Moving parent to different room for a while.

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My mother moans, groans, makes sucking noises, burbs, sneezes and yawns, out loud so as to be heard several rooms away. Being deaf as a door, she can't hear anything and claims to be not aware. We believe, at the very least, she could not possibly make all those noises and not feel it. She refuses to get a hearing aid.
Her home health nurse came the other day and my wife told her we shift her to another room, on occasion, for the peace an quiet, and felt guilty about it. The nurse told us not to. She told us we were some of the best caretakers she dealt with. Losing patience is all part of it and moving her to another part of the house, not shut away, is perfectly fine. Mother making all the noise, none of which is medically necessary, is her way of getting attention. Removing her from our area is our way of saying it is not acceptable and we don't have to be subjected to it.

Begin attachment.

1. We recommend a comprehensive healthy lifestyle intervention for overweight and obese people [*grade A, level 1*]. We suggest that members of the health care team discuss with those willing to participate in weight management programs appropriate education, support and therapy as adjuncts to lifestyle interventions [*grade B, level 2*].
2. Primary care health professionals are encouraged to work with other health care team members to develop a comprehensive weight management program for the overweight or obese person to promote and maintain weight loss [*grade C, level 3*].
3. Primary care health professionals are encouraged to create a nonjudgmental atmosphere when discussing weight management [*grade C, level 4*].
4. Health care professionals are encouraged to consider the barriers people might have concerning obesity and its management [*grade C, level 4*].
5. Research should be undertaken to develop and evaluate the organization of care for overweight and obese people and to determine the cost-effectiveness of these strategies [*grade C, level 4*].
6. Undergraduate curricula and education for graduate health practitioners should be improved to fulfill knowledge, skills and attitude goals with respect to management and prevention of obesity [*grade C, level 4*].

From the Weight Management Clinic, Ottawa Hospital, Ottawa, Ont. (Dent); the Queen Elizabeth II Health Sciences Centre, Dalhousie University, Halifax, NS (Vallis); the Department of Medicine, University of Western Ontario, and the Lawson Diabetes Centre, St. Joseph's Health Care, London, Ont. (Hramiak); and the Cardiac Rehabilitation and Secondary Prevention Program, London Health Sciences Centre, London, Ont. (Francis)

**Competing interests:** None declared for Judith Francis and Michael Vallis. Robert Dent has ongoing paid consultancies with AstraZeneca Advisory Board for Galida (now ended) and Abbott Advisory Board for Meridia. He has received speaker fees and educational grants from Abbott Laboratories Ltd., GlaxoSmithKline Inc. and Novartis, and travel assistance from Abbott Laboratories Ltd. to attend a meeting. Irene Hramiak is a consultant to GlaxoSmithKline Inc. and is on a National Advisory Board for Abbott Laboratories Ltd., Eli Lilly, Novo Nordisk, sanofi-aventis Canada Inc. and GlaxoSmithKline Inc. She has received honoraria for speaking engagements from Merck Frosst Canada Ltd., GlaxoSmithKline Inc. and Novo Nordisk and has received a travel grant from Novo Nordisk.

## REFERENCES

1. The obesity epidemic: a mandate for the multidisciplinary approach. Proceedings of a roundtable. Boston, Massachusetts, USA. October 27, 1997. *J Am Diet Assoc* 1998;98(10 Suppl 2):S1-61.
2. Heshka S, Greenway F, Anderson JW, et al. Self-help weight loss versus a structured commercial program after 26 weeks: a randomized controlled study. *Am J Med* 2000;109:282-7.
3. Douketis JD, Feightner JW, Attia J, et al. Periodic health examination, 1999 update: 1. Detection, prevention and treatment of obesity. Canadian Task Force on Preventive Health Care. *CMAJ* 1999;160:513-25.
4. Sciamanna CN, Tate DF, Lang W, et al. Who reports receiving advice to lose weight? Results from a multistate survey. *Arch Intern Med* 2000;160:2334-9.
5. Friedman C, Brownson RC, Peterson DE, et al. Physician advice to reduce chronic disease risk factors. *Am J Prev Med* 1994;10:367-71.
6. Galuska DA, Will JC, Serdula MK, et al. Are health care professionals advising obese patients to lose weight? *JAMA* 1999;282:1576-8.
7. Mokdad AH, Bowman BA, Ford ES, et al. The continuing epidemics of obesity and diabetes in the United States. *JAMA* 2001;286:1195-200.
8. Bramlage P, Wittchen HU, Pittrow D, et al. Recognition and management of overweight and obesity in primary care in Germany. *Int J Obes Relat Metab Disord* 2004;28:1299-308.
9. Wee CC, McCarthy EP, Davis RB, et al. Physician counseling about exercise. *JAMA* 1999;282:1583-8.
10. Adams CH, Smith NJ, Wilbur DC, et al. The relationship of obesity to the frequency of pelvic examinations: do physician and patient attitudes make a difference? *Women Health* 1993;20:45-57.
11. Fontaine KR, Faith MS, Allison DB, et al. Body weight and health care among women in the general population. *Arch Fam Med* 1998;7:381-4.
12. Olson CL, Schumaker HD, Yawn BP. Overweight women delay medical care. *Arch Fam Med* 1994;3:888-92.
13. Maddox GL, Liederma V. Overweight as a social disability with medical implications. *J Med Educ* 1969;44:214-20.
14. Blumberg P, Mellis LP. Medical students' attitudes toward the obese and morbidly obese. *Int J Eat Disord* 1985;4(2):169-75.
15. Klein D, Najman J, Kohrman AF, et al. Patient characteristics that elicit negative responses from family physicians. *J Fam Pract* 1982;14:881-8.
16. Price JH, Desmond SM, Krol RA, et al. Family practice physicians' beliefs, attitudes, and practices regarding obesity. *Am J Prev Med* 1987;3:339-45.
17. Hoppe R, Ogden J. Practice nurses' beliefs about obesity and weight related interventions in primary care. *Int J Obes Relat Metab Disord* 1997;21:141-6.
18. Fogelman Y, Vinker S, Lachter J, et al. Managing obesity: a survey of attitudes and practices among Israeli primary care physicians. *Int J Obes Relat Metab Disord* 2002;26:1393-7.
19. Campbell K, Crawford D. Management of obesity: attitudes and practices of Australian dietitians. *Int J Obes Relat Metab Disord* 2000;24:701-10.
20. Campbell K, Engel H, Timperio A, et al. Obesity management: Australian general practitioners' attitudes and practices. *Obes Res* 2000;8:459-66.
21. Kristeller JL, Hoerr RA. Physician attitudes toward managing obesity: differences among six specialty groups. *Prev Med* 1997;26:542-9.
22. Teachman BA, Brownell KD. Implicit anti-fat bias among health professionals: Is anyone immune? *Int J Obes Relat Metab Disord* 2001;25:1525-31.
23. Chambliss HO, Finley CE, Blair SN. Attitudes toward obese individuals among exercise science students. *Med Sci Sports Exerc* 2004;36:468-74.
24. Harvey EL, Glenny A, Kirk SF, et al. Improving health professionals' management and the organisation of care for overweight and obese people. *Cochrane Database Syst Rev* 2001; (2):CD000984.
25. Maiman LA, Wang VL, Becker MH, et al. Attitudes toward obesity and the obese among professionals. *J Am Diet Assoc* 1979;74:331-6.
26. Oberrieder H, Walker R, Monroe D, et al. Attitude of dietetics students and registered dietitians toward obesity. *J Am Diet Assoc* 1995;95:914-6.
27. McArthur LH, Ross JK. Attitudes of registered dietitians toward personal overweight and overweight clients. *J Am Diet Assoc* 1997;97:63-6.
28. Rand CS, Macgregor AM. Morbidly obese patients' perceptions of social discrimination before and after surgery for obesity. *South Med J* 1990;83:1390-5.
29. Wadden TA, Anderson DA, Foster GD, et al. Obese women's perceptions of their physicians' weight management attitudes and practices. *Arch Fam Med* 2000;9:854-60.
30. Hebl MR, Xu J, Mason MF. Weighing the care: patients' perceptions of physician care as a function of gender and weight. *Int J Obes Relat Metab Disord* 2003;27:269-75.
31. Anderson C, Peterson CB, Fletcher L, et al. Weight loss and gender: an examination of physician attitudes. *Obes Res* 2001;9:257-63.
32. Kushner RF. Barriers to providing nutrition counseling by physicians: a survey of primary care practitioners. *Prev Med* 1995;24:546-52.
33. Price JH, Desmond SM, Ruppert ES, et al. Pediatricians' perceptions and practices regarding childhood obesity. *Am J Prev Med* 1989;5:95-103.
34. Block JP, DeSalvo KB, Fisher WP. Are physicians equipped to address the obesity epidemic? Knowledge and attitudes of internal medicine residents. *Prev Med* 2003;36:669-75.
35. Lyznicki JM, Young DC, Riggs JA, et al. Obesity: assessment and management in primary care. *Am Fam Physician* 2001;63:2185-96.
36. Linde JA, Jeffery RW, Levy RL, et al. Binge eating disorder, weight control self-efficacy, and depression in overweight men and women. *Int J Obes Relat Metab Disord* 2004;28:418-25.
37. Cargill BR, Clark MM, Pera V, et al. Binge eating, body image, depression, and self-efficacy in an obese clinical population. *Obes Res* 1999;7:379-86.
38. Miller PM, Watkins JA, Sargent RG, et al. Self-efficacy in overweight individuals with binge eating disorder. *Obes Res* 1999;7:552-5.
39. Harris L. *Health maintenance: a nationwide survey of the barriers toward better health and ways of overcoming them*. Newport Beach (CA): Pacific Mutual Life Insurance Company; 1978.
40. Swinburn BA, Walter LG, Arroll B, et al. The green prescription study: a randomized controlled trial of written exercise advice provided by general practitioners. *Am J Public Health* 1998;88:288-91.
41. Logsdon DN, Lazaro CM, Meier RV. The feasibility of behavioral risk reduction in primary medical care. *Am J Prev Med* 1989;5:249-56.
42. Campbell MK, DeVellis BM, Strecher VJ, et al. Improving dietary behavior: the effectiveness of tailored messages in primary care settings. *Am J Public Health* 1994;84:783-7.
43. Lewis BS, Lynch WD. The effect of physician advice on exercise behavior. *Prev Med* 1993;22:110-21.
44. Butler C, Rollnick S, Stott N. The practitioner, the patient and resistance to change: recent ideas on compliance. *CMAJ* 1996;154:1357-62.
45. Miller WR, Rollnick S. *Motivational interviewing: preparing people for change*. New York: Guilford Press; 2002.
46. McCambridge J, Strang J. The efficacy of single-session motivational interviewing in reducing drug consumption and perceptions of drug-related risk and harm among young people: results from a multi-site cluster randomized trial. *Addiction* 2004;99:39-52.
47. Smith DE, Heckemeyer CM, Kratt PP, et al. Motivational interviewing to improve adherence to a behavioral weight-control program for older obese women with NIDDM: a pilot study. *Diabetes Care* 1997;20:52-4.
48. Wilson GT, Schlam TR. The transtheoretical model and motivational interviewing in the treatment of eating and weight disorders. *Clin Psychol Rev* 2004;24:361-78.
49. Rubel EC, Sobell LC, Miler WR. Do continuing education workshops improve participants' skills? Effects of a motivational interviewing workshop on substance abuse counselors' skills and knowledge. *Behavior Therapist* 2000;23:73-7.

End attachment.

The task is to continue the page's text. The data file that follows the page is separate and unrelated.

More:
When she does return, she stops making noises for a while. When she resumes, she's returned to the other room, which is a family room, btw, out of hearing. Fortunately, our home is big enough. For those out there, don't feel trapped. Enforce the fact that unacceptable behavior is not to be tolerated, respectfully. We no longer yell and scream, we relocate. Life is not perfect, but it is better.

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As long as she's safe, I suppose there is no harm to moving her to another room. I do wonder why you think that she's doing that in some willful way though. Your profile says that she has dementia. I wouldn't think that someone with advanced dementia would learn lessons from being moved around, since they have lost their short term memory and they are no longer capable of learning new things.